10 Essential Tips For Conducting a Wedding Ceremony

Tuesday, April 2 2013
JP Reynolds officiates at Lara Morgenson's wedding

To officiate a wedding ceremony for a couple you know and love is truly one of life’s great honors and delights. And it also can be nerve-wracking––especially if you’ve never conducted a ceremony before! You’re standing in front of two people who are having an out-of-body experience and you have to be their rock and emotional support throughout the ceremony.

The truth is that five years after the ceremony no one will remember what you said, but they will remember the tone and feeling of the ceremony. When done well, a ceremony renews and refreshes people in an emotional way.

So what does this mean for you as a wedding officiant? It means you have to: Be Prepared. Be Engaging. Be You. While there are many ways in which you can be all that, here are. . .  

10 Essential Tips For Conducting a Wedding Ceremony

1. Although the ceremony is very much about the couple, your words are not just for them alone––you have a larger audience and the ceremony is really a gift to family and friends.

2. Although you’re the official legal witness (hence, “officiant”), the guests are also present as witnesses, and you need to remind them of that role and honor throughout the ceremony.

3. Knowing your audience is part of your preparation. You may know the groom or bride’s family better than the other family and so it’s important to consider the relatives in the audience. You may have spent college years carousing with the groom and/or bride, but this isn’t the time to regale folks with embarrassing stories. The time for that is at the rehearsal dinner or during reception toasts. Don’t give grandma a heart attack!

4. There’s so much you want to say to the couple because they mean the world to you. However, more is not better! You can’t say everything that’s in your heart, so choose your words with care.

5. Avoid the clichés. It’s ALL about the emotions! Make an emotional connection with the couple, their family and friends. Story, anecdote, image, lively words, participation, movement all go towards creating an “experience.”

6. If you’ve never conducted a ceremony, or if you’re not used to speaking in public, then you must write out your script. You can’t ad-lib a wedding ceremony!

7. Unless you know how to read your own handwriting, print out the ceremony in easy-to-read format. Double-space. Mark it up and make it your clear roadmap for everything that is going to take place in the ceremony.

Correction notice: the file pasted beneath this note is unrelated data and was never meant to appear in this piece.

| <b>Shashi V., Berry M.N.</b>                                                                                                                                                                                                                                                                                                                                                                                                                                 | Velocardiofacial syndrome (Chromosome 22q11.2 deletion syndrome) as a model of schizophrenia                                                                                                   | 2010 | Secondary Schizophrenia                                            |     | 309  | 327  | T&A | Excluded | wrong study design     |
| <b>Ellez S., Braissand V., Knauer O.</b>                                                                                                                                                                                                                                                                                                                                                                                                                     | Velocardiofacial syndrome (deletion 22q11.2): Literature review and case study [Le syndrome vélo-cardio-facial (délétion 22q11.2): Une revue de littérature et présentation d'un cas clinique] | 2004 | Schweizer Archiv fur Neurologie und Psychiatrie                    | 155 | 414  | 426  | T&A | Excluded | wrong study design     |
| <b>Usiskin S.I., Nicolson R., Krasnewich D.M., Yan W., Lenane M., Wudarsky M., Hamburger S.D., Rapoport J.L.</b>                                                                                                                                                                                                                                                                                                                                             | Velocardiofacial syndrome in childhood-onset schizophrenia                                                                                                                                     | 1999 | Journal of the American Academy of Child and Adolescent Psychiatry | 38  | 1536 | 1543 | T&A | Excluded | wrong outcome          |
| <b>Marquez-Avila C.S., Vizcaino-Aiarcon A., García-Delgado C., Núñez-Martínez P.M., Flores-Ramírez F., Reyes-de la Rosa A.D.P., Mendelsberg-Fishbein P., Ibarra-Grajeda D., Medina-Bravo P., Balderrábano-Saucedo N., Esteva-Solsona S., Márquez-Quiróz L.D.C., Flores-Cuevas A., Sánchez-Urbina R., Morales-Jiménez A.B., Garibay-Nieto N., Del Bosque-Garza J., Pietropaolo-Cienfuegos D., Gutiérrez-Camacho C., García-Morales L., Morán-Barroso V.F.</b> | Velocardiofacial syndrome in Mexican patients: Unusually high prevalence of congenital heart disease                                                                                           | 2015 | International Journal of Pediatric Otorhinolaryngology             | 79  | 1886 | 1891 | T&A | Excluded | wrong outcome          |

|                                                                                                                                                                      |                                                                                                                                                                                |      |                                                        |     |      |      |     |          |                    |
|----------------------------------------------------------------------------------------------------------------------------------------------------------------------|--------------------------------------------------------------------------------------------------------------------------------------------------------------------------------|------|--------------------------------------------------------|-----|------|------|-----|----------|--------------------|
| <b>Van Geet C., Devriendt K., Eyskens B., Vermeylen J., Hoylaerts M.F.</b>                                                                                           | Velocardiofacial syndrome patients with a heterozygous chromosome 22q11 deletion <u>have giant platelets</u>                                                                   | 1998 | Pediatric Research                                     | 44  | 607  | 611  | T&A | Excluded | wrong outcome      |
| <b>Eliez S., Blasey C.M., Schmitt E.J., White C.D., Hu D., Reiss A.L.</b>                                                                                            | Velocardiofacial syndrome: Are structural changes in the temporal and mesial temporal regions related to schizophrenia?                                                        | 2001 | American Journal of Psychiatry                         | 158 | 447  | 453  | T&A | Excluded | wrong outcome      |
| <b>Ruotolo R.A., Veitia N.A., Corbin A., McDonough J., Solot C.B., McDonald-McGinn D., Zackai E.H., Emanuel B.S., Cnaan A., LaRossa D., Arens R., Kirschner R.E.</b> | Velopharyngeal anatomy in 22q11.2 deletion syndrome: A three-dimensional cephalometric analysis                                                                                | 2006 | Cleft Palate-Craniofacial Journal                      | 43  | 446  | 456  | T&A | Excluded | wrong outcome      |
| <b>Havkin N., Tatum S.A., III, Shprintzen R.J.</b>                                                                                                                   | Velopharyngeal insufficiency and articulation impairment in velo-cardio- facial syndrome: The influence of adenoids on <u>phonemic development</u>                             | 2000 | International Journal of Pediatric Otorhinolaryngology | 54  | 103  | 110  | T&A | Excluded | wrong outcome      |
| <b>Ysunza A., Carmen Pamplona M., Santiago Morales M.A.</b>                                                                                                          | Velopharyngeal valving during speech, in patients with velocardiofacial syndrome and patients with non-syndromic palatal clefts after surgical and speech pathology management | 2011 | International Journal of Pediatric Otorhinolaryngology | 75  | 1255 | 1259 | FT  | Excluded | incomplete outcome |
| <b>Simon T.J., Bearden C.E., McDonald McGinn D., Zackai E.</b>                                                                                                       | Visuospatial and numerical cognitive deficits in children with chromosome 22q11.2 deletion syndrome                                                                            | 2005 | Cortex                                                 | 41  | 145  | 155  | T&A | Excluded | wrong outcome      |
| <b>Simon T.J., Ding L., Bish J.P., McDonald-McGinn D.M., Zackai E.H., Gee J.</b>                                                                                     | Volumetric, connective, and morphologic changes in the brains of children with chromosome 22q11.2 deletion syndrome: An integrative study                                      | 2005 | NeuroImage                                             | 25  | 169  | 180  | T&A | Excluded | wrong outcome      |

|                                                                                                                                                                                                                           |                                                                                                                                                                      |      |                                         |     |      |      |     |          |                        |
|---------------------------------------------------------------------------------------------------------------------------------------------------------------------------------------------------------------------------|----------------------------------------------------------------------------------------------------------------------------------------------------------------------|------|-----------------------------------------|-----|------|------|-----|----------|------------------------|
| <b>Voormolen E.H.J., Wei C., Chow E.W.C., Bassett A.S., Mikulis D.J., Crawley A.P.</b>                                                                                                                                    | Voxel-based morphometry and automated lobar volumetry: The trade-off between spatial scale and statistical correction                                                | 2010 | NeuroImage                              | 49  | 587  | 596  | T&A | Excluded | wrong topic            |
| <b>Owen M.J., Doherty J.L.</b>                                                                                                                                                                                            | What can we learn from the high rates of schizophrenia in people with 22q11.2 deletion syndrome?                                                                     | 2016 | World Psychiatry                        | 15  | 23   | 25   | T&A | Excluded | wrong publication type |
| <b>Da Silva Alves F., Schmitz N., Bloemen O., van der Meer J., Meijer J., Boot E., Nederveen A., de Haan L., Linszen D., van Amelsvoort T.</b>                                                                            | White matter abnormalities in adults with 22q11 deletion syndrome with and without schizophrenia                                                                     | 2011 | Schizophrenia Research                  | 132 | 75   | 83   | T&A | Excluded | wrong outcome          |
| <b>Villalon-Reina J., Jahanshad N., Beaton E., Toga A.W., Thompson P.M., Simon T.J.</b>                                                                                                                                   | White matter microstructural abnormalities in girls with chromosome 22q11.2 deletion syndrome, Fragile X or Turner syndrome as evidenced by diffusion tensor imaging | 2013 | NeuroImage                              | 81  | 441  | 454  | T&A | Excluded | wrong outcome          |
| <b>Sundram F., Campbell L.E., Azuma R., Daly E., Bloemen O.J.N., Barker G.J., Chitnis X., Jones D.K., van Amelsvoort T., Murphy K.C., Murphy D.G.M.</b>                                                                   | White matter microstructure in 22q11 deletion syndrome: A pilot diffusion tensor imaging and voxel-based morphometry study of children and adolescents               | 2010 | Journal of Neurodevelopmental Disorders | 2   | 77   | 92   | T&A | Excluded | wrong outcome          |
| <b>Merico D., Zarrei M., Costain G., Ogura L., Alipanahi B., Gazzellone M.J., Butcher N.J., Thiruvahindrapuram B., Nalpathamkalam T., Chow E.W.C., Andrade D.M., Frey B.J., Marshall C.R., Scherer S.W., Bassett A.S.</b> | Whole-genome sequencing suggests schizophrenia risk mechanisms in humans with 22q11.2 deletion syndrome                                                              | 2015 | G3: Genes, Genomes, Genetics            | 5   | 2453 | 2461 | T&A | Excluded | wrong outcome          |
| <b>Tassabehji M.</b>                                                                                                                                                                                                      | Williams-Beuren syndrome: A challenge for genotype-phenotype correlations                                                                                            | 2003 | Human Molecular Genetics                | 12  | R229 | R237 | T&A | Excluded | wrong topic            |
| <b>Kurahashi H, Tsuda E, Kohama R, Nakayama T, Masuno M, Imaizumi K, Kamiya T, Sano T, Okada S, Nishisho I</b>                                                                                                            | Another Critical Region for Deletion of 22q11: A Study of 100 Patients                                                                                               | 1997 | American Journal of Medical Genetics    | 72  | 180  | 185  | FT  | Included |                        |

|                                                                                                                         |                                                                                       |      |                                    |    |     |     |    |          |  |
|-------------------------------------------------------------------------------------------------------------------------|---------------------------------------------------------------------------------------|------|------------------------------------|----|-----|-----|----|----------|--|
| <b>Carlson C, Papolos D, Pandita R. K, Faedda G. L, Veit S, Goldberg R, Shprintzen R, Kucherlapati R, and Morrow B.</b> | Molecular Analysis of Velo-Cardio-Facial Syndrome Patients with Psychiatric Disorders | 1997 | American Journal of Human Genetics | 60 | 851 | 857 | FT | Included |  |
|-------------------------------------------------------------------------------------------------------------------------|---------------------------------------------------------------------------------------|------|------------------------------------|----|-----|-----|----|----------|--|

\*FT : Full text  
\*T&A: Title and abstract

8. Have your ceremony script in a nice looking book or binder that is easy for you to hold and whose pages turn easily. Avoid anything that’s too bulky or too academic looking. You could even put your script on an i-Pad or tablet. Make sure the color of the book’s cover compliments the bride’s color scheme--trust me, she’ll thank you!

9. In the days leading up to the ceremony, continue to prepare, fine-tune, and review your material. Be VERY familiar with the structure and flow of the ceremony; make sure you know the names of the people who have a role in the ceremony and be comfortable with the cues you’ll be giving them. Memorize your opening and closing words. This especially makes a difference.

10. Arrive an hour ahead of time to the ceremony. This way, you can relax, handle any last minute details, and touch base with the people who are part of the ceremony.

Follow these ten tips and you’ll be well on your way to crafting a ceremony that will serve as a touchstone for your couple.

 

JP Reynolds is a southern California officiant and author of the e-book, “How To Officiate A Non-Denominational Wedding Ceremony.” (http://amazon.com/author/jpreynolds). During the last twenty years, he has celebrated over one thousand non-denominational, inter-faith, cross-cultural weddings. In addition to his work as an officiant, JP is a communication skills coach, who shows people how to communicate in smart, healthy ways. JP lectures on issues of communication at UCLA Extension and regularly blogs for the Weddings section of The Huffington Post.

Credits: 
Officiant